Recipe: Hamentashen Cookies

I went home this past weekend to bake Hamantashen cookies with my mother. If you don’t know what that is, it’s basically a filled shortbread cookie folded into the shape of a triangle. We make them for the Jewish holiday of Purim in order to celebrate Jewish liberation from one of our many oppressors, Haman, who (according to legend) wore a three-pointed hat.


Over the years it’s become a tradition for my mother and I to bake off a ton of these, then distribute them to all of our neighbors and relatives for the holiday. So this year I figured I would share this “ancient” family recipe with the Internet, too.


  • 2 & ½ cups of all-purpose flour
  • 1 cup of granulated sugar
  • 1 cup of butter, softened
  • 2 eggs
  • 1 tablespoon of lemon extract
  • 1 teaspoon baking powder
  • Flavored fillings*

Cream butter and sugar until light and fluffy, then add the eggs and lemon extract until combined. Mix the baking powder into the flour, then add both to the wet ingredients and mix until well combined.

Divide the dough into two equal sized balls and wrap in plastic wrap. Set in the fridge for at least 30 minutes to make the dough more workable.

On a floured surface, roll out the dough (one packet at a time) to 1/3 inch thickness. Using a 2 inch round cookie cutter (or a good sized drinking glass if you don’t have one), cut circles in the dough. Then place a dollop of filing in the center and pinch the sides of the cookie together in three places to form a triangle-like pouch.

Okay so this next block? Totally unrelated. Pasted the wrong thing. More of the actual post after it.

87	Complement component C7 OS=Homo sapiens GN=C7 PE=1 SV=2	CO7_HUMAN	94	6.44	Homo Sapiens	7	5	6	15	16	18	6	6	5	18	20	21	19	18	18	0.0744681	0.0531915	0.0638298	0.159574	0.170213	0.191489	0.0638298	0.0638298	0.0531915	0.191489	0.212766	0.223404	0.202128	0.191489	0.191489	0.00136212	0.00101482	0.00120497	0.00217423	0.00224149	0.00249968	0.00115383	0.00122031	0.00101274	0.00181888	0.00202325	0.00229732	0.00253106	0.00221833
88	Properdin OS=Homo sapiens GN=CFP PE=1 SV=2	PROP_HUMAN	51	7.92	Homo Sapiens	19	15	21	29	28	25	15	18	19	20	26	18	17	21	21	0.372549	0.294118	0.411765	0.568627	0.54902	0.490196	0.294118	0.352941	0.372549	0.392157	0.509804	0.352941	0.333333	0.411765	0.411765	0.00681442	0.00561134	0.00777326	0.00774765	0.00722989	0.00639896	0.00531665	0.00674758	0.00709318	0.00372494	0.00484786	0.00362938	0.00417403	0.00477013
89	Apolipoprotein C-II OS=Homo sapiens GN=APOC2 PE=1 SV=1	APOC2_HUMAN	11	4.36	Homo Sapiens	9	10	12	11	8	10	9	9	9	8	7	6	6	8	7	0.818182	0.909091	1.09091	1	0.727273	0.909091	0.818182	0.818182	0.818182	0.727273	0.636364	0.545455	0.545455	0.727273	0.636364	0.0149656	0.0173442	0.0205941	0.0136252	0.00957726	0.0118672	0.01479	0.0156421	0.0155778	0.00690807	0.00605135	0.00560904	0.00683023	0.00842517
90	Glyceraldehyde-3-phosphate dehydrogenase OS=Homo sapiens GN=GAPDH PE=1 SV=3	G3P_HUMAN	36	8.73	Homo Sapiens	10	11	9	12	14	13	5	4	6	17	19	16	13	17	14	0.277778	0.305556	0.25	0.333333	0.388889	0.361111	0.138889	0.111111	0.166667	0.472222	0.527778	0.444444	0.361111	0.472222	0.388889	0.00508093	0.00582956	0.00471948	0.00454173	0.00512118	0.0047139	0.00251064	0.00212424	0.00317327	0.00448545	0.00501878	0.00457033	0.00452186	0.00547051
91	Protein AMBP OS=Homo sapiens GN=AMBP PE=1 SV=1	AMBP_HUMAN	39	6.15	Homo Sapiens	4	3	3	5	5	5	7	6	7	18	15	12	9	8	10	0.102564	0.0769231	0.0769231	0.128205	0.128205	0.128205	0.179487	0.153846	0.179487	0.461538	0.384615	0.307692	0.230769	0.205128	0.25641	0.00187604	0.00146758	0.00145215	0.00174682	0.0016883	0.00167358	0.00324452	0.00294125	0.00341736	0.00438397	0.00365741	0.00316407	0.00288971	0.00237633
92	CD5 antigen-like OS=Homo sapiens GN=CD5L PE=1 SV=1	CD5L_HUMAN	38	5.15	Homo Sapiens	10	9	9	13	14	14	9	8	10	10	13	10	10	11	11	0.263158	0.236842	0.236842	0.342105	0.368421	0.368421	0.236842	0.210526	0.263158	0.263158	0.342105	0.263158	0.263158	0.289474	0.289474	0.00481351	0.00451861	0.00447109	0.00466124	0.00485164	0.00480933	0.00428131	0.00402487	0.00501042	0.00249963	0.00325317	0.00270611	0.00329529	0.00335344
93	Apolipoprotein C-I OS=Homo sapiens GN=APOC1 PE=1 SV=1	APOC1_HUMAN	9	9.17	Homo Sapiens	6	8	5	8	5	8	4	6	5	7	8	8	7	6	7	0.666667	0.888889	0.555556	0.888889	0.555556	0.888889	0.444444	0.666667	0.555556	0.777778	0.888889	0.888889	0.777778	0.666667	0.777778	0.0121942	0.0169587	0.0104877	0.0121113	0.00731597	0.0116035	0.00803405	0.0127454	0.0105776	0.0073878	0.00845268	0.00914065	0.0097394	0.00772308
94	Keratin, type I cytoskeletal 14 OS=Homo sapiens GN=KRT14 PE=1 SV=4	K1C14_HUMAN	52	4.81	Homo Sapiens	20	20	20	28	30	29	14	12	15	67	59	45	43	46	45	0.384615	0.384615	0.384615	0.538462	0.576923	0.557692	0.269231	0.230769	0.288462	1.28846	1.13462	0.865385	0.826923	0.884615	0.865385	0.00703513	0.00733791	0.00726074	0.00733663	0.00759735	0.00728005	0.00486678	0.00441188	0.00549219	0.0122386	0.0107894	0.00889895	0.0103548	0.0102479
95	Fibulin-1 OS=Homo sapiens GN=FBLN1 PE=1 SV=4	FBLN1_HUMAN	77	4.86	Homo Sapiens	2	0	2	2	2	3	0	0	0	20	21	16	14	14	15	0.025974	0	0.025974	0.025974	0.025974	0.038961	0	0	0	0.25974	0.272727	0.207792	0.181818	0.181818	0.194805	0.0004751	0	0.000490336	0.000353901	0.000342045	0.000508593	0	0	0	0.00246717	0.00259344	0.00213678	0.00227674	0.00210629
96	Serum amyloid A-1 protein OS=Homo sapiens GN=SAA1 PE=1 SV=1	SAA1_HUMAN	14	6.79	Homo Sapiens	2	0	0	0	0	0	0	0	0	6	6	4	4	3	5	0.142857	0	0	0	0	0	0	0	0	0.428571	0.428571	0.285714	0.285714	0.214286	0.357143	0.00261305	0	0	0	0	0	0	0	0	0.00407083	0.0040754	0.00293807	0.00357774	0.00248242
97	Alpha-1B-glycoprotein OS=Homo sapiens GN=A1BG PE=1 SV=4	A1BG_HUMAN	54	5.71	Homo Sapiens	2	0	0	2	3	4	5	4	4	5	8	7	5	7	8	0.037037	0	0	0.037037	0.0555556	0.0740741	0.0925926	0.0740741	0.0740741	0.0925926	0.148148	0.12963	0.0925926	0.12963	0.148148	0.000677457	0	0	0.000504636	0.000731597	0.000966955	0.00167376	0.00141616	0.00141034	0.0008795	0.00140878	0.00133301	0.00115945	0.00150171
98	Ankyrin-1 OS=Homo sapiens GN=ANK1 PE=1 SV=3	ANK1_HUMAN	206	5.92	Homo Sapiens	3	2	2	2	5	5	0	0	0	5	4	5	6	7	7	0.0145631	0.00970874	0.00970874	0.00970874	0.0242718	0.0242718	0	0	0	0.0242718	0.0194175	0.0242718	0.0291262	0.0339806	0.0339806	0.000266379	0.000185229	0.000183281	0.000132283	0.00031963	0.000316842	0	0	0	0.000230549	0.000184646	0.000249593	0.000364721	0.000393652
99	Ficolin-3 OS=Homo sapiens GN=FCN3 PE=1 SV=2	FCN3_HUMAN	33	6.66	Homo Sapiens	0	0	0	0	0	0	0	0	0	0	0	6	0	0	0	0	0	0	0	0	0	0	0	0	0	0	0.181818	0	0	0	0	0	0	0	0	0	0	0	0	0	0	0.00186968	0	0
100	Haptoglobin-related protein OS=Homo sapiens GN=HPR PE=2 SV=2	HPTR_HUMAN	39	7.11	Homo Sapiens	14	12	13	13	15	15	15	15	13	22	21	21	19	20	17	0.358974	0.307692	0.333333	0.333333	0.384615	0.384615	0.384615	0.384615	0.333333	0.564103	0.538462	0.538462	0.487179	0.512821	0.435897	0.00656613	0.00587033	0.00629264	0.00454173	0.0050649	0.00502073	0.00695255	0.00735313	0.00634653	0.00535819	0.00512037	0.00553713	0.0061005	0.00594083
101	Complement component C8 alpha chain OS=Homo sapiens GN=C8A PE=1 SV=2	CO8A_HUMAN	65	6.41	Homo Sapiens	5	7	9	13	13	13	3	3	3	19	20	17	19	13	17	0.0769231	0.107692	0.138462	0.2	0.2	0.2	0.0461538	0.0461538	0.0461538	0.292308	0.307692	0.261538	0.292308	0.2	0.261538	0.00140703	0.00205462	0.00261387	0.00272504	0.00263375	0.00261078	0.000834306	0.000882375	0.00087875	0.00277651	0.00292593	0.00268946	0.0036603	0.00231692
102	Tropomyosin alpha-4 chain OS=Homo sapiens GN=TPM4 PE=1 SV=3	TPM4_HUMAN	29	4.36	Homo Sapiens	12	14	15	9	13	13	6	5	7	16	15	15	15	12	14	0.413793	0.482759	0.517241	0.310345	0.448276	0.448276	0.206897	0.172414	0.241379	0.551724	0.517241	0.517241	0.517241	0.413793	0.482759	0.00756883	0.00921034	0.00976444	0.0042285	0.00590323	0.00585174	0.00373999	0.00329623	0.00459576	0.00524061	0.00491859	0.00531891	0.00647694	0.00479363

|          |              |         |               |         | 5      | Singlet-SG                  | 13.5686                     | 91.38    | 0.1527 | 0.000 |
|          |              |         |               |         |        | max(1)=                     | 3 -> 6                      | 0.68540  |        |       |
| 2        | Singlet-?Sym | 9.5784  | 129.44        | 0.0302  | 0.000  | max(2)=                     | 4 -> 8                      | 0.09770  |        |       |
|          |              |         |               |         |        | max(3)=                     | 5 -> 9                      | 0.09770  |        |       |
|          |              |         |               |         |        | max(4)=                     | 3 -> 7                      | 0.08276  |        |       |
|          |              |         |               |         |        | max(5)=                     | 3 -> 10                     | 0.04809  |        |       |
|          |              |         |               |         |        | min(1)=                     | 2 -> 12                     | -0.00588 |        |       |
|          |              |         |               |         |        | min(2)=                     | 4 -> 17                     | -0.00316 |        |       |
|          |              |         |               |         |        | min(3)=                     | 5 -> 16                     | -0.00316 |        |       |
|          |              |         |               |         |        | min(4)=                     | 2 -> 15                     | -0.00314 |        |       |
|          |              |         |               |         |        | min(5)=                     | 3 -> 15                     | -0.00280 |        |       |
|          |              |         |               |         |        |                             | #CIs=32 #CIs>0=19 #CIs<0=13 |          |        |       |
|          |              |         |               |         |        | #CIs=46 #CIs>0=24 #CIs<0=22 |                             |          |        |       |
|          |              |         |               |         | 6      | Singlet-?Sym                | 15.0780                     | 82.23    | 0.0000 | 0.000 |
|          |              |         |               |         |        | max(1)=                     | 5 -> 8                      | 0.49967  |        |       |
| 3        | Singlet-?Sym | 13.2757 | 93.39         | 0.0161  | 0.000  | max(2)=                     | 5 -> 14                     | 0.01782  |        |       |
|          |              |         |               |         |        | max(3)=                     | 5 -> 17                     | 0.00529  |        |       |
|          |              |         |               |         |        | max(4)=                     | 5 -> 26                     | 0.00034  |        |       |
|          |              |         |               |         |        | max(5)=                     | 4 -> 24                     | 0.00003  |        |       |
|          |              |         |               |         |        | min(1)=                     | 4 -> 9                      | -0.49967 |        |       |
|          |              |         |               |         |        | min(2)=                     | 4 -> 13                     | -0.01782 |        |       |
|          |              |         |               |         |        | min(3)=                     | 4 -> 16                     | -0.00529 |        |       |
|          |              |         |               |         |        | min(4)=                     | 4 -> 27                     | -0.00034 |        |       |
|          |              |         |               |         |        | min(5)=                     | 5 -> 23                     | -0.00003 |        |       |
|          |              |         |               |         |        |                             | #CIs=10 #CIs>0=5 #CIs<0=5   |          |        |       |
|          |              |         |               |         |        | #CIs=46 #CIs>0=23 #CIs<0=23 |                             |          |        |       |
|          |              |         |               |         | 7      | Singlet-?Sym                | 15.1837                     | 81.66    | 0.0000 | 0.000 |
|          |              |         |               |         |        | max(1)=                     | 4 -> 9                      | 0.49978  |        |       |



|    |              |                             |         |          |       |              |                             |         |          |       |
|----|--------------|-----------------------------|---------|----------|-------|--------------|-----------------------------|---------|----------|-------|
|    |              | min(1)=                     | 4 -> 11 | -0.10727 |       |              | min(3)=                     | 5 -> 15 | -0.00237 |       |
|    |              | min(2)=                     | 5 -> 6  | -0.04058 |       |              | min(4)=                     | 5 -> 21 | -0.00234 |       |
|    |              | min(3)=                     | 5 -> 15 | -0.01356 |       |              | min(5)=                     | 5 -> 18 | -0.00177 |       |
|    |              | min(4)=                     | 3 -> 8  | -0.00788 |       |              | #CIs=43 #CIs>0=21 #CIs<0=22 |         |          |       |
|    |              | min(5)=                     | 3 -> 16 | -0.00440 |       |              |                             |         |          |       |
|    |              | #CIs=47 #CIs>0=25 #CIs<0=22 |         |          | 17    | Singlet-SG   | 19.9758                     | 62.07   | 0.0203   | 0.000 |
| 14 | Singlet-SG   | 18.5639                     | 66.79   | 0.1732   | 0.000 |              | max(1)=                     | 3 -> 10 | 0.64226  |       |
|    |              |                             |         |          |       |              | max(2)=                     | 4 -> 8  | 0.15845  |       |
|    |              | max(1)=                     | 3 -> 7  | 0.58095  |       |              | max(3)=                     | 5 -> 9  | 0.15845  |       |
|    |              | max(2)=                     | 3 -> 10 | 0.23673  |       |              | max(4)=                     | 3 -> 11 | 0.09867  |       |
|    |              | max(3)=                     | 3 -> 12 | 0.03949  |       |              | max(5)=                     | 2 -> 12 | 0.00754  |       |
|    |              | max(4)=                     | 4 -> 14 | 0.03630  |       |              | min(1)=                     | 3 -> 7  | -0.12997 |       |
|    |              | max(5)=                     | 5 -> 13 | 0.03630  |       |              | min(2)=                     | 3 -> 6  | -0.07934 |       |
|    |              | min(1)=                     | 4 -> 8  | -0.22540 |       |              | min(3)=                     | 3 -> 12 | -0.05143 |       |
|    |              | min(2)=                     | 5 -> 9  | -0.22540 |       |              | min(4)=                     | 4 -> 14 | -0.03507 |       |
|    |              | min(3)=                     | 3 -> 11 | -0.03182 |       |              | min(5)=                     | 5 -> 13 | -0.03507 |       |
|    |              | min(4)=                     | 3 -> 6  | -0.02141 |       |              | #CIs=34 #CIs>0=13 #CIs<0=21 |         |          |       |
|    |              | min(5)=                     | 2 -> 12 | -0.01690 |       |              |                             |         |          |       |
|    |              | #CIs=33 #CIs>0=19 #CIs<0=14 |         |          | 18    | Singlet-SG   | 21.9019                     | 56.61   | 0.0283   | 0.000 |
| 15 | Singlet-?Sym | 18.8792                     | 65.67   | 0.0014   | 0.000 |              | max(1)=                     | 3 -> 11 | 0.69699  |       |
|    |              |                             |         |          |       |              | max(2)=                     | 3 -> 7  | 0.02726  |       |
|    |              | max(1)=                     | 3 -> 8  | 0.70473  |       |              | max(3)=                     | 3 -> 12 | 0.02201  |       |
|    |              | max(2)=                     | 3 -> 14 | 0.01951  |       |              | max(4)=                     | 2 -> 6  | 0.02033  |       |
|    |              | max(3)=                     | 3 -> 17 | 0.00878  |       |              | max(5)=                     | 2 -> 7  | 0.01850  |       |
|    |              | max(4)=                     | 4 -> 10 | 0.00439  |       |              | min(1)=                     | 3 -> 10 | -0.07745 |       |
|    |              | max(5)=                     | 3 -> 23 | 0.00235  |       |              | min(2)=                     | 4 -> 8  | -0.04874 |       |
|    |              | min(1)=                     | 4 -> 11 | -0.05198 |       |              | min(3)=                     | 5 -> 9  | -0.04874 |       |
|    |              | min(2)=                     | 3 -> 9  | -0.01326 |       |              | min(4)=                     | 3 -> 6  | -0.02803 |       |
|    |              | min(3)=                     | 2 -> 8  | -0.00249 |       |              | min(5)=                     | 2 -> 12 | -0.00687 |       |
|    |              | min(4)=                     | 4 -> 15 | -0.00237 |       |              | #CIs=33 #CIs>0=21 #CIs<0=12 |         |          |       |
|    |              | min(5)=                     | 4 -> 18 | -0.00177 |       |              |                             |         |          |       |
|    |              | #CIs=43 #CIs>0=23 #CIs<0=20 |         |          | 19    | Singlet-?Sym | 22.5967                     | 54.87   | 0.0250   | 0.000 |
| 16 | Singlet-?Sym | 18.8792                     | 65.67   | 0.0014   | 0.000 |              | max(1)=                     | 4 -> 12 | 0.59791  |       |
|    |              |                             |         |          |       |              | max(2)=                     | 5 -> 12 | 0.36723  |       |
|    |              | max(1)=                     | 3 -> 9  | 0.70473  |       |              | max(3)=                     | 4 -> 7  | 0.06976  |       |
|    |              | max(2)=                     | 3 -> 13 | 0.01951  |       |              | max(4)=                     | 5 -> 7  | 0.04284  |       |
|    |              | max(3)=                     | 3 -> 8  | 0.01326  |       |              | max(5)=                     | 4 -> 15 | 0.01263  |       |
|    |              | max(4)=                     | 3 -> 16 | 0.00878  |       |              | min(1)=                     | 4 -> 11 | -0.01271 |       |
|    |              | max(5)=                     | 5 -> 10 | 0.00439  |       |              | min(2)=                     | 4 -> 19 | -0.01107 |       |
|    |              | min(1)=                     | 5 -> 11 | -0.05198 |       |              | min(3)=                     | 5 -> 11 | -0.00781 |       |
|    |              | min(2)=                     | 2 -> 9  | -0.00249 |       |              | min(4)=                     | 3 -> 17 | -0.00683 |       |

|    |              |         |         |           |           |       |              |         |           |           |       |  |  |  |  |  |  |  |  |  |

Return folded cookies to the fridge for at least ten minutes before baking. This will help prevent spreading. Once cooled, then bake at 400 degrees for 12-15 minutes depending on the efficiency of your oven. The edges will be browned when cooked through.

*Baker’s Notes: there is a difference between filing and jam; in this instance they may not be substituted since the texture of jam is wrong for this particular cookie. As far as flavors go, you can use anything you like. My family’s favorites are: raspberry, apricot, and almond, though the traditional flavor of prune butter is also popular.


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